Small-satellite entrepreneurs will find their best customers in the military with easily adaptable and reasonably inexpensive products, a panel of space experts says.
Smaller satellites also can provide military and commercial needs that are not now being met."There is a new dedication in NASA to the low end of the spectrum and smaller satellites," said John Townsend, director of NASA's Goddard Space Flight Center.
Five major projects at Goddard are on hold, Townsend said this week at the Second Annual American Institute of Aeronautics and Astrophysics Conference at Utah State University, because the Challenger explosion grounded the shuttle fleet.
"The fact that we weren't flying made things critical," he said.
The most beneficial satellites would be flexible enough to launch at varying elevations for diverse purposes, and be reasonably priced, the panelists said.
"I think the thing that's going to decide how successful small satellites are in this world - and I'll define small as being something you can get your arms around - is economies of scale," Townsend said.
"Finding programs (under which) one can build a reasonable number of satellites, the same generic type that can fly different experiments for different purposes or monitor things for different purposes, you get both the economies of being able to buy your parts in large quantities" and learn more about what is possible with the product, Townsend said.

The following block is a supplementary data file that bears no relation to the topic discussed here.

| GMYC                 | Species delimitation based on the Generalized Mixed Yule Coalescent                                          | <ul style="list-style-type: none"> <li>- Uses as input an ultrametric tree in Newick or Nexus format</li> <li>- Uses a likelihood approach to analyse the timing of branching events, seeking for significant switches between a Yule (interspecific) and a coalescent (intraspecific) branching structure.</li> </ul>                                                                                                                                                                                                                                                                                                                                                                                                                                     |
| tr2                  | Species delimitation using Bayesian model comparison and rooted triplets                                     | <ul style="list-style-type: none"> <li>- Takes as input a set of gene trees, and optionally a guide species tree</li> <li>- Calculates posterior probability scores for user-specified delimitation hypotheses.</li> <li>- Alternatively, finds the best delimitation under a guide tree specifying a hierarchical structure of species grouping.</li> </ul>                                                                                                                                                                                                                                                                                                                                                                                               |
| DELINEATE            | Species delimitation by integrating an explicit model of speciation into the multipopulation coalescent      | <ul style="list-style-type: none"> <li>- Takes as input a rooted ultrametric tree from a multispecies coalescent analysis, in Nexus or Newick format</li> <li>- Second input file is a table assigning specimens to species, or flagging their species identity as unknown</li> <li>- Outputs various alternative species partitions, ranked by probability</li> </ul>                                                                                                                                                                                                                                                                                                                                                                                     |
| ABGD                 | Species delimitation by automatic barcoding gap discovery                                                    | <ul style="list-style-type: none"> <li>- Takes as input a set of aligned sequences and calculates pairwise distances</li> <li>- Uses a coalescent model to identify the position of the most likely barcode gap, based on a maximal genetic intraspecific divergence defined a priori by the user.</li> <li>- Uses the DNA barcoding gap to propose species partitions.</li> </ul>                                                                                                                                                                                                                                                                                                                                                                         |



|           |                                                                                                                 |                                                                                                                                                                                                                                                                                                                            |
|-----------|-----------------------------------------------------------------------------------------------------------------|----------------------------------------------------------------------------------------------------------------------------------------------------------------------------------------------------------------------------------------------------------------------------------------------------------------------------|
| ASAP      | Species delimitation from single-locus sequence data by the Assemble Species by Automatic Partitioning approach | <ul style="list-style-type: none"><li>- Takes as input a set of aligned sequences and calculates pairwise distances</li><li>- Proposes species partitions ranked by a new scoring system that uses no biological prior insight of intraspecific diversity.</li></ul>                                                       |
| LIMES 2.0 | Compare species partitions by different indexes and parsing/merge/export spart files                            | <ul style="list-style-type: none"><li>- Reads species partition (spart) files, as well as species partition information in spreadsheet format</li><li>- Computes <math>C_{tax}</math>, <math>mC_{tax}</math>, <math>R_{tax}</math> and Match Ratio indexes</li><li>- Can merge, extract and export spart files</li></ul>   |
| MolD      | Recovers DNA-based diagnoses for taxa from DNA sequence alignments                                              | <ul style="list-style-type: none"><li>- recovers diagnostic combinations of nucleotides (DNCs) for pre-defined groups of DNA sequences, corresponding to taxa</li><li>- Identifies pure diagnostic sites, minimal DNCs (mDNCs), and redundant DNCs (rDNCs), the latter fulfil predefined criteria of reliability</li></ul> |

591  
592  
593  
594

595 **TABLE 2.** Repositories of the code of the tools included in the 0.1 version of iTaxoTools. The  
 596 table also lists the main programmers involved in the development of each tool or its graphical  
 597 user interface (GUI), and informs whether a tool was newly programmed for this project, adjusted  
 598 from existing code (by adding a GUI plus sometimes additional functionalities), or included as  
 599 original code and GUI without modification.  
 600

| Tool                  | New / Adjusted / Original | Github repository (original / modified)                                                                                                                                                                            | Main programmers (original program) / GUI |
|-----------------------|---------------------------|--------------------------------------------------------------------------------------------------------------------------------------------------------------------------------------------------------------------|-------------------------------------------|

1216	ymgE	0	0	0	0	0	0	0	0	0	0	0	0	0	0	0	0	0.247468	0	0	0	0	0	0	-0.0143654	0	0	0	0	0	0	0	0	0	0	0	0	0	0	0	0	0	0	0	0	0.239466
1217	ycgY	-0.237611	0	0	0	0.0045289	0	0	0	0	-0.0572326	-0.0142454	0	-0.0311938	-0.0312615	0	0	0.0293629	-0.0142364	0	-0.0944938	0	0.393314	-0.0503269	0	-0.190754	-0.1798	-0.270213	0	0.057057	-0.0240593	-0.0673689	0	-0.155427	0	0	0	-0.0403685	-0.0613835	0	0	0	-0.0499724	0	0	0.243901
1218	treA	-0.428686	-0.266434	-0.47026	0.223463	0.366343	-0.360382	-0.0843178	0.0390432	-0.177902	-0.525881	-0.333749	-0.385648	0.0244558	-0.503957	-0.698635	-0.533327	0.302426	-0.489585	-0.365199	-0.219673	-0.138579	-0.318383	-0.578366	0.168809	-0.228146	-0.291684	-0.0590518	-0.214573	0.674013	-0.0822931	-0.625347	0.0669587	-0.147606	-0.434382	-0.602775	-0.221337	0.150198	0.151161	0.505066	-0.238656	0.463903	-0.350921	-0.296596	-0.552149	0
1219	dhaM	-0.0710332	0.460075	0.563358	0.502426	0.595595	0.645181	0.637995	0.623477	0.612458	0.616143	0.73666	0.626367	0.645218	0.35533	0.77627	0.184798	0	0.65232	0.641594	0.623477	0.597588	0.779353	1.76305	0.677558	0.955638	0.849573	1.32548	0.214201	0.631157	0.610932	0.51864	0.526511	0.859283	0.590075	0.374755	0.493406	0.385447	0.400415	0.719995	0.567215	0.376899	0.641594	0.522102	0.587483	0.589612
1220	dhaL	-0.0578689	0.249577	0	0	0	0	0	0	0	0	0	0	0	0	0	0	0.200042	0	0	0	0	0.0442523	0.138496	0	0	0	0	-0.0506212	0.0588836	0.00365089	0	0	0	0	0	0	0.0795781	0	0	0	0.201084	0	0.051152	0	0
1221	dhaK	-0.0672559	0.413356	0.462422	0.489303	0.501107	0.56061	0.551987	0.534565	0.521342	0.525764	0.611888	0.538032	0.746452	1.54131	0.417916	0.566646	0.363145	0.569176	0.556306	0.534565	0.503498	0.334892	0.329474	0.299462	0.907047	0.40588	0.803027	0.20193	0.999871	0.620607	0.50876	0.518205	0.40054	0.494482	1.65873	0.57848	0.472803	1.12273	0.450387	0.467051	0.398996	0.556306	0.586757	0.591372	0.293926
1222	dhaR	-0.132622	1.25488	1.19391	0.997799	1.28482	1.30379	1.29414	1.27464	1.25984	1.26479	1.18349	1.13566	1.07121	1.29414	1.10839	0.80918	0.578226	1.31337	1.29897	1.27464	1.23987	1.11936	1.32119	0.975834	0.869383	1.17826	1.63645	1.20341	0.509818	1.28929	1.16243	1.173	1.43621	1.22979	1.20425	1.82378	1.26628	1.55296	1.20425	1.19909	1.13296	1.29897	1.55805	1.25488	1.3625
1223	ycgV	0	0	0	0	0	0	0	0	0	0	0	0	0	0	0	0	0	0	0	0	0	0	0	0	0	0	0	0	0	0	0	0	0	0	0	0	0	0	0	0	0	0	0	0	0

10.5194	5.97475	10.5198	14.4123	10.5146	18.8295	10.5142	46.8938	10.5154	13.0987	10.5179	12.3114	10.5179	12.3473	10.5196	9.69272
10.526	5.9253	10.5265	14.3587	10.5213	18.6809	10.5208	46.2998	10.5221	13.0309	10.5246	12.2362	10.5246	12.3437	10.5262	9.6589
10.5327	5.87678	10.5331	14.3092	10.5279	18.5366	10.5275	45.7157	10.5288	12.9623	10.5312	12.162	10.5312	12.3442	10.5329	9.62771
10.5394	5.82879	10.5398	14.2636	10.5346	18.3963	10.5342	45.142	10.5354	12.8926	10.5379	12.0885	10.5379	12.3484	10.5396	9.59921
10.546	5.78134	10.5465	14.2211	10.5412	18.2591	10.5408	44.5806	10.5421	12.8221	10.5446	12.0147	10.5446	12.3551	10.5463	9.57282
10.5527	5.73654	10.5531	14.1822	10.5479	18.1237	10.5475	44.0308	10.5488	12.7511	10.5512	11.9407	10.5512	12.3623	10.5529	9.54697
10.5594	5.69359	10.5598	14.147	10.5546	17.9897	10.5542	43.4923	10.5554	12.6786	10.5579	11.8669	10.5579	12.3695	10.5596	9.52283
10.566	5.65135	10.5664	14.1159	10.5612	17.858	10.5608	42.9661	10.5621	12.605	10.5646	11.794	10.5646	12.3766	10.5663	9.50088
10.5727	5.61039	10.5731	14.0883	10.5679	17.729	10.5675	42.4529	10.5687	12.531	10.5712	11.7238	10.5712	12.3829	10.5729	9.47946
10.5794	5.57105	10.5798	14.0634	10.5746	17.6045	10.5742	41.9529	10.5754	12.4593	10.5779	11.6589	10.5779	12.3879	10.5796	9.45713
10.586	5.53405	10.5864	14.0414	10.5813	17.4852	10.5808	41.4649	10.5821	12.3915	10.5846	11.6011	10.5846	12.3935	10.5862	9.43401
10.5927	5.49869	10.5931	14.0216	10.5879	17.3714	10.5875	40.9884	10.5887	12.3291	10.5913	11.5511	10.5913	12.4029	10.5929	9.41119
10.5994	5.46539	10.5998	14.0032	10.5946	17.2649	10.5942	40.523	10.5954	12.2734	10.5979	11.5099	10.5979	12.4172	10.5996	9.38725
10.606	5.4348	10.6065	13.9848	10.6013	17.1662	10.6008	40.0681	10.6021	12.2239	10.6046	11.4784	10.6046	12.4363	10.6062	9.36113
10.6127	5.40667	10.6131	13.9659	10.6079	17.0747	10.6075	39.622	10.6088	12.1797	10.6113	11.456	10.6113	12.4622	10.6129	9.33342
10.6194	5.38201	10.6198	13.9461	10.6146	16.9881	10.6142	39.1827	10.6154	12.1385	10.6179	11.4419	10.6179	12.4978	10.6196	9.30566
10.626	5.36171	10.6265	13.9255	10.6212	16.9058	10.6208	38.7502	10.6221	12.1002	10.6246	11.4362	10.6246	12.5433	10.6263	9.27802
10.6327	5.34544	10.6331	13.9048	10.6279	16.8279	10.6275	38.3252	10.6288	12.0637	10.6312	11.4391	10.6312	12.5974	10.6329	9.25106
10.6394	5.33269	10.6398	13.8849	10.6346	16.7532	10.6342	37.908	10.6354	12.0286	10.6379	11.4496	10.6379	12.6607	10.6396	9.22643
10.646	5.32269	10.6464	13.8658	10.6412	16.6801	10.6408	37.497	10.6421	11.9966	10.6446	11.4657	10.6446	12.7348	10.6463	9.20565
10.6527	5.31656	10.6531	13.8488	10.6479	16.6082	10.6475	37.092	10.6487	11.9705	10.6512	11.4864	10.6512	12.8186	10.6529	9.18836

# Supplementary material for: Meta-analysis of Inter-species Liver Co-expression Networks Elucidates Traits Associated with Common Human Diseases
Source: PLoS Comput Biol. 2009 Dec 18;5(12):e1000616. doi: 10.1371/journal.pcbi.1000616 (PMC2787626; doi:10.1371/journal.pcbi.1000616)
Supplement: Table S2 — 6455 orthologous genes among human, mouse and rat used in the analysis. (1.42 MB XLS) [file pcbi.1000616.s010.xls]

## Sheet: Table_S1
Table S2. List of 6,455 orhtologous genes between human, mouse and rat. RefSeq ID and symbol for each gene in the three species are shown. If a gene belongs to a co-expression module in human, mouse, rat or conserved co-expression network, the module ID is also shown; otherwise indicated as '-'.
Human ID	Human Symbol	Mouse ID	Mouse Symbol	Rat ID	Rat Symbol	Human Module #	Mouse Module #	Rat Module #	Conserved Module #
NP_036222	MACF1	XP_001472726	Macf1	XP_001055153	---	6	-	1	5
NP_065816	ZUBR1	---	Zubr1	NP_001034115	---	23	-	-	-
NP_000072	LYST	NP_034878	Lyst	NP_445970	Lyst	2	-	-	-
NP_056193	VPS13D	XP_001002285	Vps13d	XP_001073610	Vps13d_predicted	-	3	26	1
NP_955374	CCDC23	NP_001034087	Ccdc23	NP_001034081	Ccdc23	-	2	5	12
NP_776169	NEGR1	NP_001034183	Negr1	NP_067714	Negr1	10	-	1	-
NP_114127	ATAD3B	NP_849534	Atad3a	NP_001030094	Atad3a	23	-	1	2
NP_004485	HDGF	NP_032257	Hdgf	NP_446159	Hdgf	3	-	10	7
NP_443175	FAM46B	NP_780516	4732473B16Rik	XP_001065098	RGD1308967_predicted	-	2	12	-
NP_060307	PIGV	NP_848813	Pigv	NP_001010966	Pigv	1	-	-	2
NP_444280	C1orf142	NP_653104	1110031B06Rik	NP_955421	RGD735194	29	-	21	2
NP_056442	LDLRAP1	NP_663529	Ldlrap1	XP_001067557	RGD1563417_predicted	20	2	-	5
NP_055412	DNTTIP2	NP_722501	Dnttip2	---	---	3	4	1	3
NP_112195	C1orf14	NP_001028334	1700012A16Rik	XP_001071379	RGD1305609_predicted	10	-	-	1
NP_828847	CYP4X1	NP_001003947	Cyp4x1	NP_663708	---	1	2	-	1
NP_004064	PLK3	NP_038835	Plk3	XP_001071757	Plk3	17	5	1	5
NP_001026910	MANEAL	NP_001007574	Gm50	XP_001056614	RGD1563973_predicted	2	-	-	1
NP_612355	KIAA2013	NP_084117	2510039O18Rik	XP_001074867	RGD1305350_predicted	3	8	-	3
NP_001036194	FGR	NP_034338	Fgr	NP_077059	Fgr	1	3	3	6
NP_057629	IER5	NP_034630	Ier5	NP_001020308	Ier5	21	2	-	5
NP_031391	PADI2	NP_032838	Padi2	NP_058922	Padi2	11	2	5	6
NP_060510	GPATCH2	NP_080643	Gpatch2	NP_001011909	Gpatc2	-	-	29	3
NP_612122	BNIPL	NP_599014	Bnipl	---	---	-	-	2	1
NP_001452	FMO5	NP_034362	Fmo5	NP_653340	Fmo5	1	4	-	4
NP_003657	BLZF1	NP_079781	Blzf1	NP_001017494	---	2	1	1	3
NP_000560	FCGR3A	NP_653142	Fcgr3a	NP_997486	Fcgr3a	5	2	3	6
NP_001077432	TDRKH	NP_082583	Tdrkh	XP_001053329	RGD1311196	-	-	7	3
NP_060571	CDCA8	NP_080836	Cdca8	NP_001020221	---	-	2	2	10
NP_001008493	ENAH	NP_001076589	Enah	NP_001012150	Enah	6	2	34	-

And for the Army, satellites enabling communication between combat units across a hill or across a theater are most needed.
"While the Army was a leader in space back in the (atomic bomb physicist Werner) Von Braun days, and we took a few steps back and allowed some of our sister service to go to the forefront, we realize that it's not all in the mud, and we gotta look up," said Col. Ronan Ellis, U.S. Army Space Institute commandant.
"We expect space to enhance our ability to execute our doctrine, and our doctrine is air-land battle," said Ellis, who oversees the Army program that was formed last January to examine using space to advance ground operations.
"We think the greatest payoffs are in the areas of communications and intelligence," including surveillance, meteorology and map-making, Ellis said.
The American military is precluded from entering many places and situations in which the United States has an interest because of geographical, political and constitutional considerations.
And battle commanders always are interested in the weather.
"It's sad to say that you can go to your hotel today and watch Cable News Network (and) see the Weather Channel. You cannot see the Weather Channel in your tactical command post in the United States Air Force, the United States Army, or on a carrier in the United States Navy. You have to go to your hotel," Ellis said.
The panelists agreed small satellites are not necessarily cheap satellites, and the military is an important market and have the potential for buying in large quantities.
"I'd really like to ask the whole space community to come to us with ideas," said George Donahue, director of the Aerospace and Strategic Technology Office, which looks at military applications of space research and hardware.